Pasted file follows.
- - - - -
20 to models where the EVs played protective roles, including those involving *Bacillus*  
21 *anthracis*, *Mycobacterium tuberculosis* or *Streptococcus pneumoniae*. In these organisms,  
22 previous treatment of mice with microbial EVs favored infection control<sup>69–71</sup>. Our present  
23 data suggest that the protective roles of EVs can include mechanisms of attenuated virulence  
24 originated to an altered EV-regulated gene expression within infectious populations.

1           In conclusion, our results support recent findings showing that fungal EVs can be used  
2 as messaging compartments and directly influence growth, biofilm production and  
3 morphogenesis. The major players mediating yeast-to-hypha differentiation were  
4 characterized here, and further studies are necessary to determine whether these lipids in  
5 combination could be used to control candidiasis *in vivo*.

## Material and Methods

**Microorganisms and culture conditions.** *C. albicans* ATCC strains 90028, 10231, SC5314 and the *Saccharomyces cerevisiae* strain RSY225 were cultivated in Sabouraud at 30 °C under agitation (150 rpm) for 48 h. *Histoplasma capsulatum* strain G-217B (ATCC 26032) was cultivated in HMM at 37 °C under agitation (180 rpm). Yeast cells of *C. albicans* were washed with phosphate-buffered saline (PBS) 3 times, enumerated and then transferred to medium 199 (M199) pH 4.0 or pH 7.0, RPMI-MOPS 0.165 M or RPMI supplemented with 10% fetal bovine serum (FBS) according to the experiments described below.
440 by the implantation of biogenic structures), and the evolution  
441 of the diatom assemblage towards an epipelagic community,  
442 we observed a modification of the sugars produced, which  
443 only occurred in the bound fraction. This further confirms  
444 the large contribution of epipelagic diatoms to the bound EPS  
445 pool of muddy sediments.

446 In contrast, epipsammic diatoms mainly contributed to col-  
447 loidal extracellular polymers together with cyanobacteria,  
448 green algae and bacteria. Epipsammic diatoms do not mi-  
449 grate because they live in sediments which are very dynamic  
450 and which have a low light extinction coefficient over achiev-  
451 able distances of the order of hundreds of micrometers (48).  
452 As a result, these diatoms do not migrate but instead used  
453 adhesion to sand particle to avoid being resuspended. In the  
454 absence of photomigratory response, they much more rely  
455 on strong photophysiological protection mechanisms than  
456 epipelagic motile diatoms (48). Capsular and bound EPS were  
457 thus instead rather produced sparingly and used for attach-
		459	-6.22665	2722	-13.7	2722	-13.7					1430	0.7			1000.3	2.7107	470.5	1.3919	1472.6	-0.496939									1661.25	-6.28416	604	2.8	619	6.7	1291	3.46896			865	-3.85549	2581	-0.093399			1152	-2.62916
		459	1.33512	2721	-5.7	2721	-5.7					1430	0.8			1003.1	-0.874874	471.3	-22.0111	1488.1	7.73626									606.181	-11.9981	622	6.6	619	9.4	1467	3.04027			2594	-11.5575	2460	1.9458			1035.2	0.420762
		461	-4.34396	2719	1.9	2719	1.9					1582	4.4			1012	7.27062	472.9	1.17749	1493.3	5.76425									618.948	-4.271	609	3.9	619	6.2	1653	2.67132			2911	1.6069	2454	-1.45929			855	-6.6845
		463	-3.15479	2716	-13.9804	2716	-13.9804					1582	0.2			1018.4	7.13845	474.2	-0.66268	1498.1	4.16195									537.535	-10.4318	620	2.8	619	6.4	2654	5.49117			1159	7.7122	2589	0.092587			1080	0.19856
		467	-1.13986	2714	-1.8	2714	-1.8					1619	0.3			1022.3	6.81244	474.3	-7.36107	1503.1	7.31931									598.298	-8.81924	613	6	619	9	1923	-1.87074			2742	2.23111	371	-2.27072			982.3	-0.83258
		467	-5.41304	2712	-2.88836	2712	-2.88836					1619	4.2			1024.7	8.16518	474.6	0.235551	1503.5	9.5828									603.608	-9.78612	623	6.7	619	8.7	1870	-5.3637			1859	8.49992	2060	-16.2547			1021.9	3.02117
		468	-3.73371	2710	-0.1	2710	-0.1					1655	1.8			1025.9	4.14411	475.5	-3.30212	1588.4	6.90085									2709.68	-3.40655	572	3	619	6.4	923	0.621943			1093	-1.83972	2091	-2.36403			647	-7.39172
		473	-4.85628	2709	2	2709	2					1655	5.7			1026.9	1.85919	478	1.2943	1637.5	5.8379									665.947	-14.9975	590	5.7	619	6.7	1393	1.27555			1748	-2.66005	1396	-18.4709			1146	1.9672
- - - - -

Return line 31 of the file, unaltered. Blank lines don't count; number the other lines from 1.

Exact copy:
		459	-6.22665	2722	-13.7	2722	-13.7					1430	0.7			1000.3	2.7107	470.5	1.3919	1472.6	-0.496939									1661.25	-6.28416	604	2.8	619	6.7	1291	3.46896			865	-3.85549	2581	-0.093399			1152	-2.62916